By now we were several months into a prolonged drought. The neighbouring farmer arrived to say that he and other farmers upstream didn’t have enough water for their fields and his cows were escaping across the river. The mayor came round to look at the problem. Colin and I had already decided that we would need to dam up the other end of the water course into our leat to dry it out and ensure that the installation of the new sluice gate could be carried out safely. Farmer-neighbour and mayor were happy that we were doing our best and said that they would leave it to us and see what happened.

Now let me just explain that the river flows into our leat through a large 2 metre high culvert, which passes under the main road from the village. The other end is pretty much inaccessible as the only way to get to it, other than through the culvert itself, is down a very steep (almost vertical ) bank about 8 metres high. This would take some ingenuity.

So off we trotted to the local DIY store and bought a load of floor joists which we constructed into a double thickness set of interlocking building blocks which could be floated through the culvert and put across the mouth of the culvert at the other end, to form a dam. The bottom of the culvert pipe also sits about 50cm above the river bed on the other end so the dam had stay in place without being fixed at the bottom and without the wood floating away! We couldn’t fix it in place, or we wouldn’t be able to remove it afterwards, so it had to hold in place with the force of the water behind it. The prefabricated concrete culvert pipe had a lip around it, so with a bit of careful measuring the floor joist building-blocks were tailored to lodge just inside this. We also had to bear in mind how we were going to remove it again later, once the river had risen behind it.

And it worked! Happy farmer, mayor and us.

The draining of the leat had revealed a large solidified island of silt and debris in the middle of the leat which had been accumulating for at least 25 years since the mill was last used for milling. This needed to be removed to ensure the millstream flowed smoothly.

The banks around the leat are too narrow to allow any big excavating machinery access and a mini digger just wouldn’t have the reach to get over the wall and down into the bottom of the leat. So I decided it would need digging out by hand. Colin thought I was mad!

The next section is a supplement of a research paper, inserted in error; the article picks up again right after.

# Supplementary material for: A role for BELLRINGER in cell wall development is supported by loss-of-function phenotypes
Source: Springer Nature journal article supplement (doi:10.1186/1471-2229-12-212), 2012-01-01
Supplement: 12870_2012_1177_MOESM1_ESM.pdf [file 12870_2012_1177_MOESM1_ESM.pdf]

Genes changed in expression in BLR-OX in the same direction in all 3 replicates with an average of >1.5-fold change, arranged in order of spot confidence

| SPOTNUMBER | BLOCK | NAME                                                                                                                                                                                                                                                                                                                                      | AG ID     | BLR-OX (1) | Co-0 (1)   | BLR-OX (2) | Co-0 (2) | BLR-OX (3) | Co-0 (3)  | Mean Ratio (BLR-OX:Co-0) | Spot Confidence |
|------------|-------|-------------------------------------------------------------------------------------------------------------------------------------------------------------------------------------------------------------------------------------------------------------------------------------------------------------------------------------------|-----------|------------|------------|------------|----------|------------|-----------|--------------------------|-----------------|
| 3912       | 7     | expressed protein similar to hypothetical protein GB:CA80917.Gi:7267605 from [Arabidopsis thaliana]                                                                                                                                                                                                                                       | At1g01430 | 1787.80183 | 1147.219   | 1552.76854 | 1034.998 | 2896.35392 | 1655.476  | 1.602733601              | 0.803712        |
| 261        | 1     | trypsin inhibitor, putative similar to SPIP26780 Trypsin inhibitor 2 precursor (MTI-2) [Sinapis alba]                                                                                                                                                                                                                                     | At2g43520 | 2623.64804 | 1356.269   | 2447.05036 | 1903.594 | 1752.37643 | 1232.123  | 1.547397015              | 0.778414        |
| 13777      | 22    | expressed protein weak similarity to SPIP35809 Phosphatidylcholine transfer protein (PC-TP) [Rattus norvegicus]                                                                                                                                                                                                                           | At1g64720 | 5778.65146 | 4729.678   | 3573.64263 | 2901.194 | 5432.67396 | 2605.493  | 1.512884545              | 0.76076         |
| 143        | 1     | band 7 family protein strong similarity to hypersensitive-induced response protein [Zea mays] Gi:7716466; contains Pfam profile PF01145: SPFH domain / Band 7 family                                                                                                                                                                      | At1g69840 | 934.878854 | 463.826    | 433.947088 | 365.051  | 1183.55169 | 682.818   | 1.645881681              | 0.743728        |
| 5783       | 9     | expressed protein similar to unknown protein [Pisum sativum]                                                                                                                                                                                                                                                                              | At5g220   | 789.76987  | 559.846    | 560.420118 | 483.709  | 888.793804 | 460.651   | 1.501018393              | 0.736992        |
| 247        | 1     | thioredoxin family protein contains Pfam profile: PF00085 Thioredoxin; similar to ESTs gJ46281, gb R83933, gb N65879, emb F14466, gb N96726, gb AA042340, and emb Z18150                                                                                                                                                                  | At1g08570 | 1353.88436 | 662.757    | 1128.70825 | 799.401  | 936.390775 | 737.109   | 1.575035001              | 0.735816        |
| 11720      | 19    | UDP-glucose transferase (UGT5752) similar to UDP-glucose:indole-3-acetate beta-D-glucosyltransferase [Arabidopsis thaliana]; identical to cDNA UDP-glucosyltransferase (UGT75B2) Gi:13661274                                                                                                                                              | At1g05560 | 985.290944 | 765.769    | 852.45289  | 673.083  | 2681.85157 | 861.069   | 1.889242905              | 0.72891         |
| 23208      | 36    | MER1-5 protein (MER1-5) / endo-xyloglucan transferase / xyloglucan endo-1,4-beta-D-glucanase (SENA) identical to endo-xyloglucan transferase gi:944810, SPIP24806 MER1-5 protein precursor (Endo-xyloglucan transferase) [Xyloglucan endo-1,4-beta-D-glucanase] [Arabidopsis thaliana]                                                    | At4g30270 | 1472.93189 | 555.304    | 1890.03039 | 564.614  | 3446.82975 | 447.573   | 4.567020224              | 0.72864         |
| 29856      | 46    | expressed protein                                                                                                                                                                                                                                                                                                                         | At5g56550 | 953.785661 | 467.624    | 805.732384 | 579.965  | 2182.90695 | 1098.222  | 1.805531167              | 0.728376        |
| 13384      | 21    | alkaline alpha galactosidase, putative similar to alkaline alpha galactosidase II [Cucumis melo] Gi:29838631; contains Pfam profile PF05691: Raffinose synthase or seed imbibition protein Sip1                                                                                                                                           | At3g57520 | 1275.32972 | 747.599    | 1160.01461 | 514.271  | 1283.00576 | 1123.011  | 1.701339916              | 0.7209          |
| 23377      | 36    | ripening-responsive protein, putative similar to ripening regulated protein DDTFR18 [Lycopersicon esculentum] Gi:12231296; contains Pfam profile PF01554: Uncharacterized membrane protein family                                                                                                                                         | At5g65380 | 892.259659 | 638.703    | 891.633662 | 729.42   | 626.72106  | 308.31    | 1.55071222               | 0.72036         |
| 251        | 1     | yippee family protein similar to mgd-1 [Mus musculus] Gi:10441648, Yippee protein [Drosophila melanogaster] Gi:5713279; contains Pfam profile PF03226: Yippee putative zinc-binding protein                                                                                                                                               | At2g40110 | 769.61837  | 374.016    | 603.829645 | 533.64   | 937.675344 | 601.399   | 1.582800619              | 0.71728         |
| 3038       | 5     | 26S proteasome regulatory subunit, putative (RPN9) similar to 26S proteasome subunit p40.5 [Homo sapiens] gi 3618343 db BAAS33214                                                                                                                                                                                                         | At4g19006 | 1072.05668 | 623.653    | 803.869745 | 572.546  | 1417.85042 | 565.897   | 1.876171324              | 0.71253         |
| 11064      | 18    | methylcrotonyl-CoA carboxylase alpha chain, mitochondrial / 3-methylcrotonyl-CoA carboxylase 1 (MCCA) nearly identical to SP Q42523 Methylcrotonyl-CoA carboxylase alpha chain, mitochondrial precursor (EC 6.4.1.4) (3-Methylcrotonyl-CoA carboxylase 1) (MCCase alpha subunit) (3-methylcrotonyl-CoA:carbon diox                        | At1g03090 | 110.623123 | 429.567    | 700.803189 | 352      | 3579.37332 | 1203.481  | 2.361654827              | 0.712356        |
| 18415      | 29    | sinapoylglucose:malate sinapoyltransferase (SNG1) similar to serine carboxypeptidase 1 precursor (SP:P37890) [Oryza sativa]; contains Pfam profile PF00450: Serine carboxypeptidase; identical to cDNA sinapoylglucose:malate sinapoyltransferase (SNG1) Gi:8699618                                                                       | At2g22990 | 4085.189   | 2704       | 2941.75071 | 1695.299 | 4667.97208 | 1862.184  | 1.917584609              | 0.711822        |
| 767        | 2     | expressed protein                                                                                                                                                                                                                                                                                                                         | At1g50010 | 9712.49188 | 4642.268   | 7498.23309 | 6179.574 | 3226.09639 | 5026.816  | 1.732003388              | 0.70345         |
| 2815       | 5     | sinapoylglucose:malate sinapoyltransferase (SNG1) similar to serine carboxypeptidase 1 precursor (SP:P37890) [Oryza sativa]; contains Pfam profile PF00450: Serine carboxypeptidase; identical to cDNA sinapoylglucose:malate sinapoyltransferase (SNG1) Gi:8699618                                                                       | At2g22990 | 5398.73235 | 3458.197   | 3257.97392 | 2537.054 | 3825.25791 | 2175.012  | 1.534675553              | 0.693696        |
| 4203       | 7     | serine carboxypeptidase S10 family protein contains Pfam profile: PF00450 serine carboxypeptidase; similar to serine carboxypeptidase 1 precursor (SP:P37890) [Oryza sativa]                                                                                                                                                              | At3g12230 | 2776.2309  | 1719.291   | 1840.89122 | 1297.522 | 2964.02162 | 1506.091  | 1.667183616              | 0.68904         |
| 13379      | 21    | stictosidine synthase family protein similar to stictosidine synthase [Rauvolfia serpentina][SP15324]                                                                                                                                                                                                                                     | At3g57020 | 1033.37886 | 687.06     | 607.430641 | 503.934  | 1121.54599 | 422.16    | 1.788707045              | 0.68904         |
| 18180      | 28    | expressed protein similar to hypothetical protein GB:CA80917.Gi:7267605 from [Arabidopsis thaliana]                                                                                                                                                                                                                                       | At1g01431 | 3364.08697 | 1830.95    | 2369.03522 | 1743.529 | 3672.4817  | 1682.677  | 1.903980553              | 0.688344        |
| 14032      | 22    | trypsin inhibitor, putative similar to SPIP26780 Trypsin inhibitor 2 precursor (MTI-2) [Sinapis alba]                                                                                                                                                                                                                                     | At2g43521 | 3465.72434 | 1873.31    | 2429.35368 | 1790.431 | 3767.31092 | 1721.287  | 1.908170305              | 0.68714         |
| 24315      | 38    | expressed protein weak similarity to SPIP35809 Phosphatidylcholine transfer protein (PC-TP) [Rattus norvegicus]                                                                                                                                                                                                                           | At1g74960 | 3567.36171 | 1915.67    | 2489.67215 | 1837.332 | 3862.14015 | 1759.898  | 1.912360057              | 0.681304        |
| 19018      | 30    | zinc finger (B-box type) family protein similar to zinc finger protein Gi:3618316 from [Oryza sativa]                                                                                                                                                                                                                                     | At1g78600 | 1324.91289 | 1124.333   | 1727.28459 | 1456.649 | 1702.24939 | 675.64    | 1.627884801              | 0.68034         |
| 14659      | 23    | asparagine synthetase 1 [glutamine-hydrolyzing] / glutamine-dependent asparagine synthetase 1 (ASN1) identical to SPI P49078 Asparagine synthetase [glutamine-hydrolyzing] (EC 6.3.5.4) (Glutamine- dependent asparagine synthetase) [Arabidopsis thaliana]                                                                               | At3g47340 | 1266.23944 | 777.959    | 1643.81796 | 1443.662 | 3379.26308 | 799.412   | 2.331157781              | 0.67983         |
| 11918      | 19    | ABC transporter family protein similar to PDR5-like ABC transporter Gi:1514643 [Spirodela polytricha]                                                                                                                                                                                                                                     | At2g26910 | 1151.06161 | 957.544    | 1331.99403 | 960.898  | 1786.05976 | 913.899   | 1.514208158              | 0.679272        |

So while we waited for the sluice gate and grill to be made I spent many a muddy hour digging out and filling bucket after bucket with slimey, oily (from decaying leaves) mud, hauling it out to the bank and gradually building up a narrow part of the bank with it. The mud had to be placed and tamped to consolidate it, one handful at a time, so this was not a quick job. Colin helped when he could but the new school term had just started and he had to do ‘proper’ work for clients.

But this week it all came together.

The new sluice gate and grill arrived and were fitted over 3 days. Each part had to be manhandled down into the leat, across the muddy drained mill pond, through the tunnel and assembled in situ with the new oak boards being slid into place down the runners and bolted onto the steel straps and new racks one piece at a time.

The new bank is seeded and starting to look good and …

And I never thought I’d ever hear myself say the words, but ” I just love our new sluice gate and trash grill!”

6 thoughts on “Oh, the romance of an old water mill – not!

  1. Ruth says:

    What a great job of work you have finally accomplished!!! Felicitations!! Super!! Merveilleux!! Looks wonderful! May it last a long time, and may the farmers and the mayor be happy with the water levels next year. (And may your bank account be adequate!)

    Like

  2. Laura says:

    So interesting. Courage, grit and brawn on your part. That amazing French workmanship on the part of the artisans. And you made me look up the word ‘leat’. Thanks

    Liked by 1 person

    • moulindelaroche says:

      It’s certainly been a great workout! ‘Leat’ is one of those words you acquire on a need to know basis. We now use it many times a day ( or le bief, depending on who we are talking to) but I’d never heard it before we bought this place, either! 😄

      Like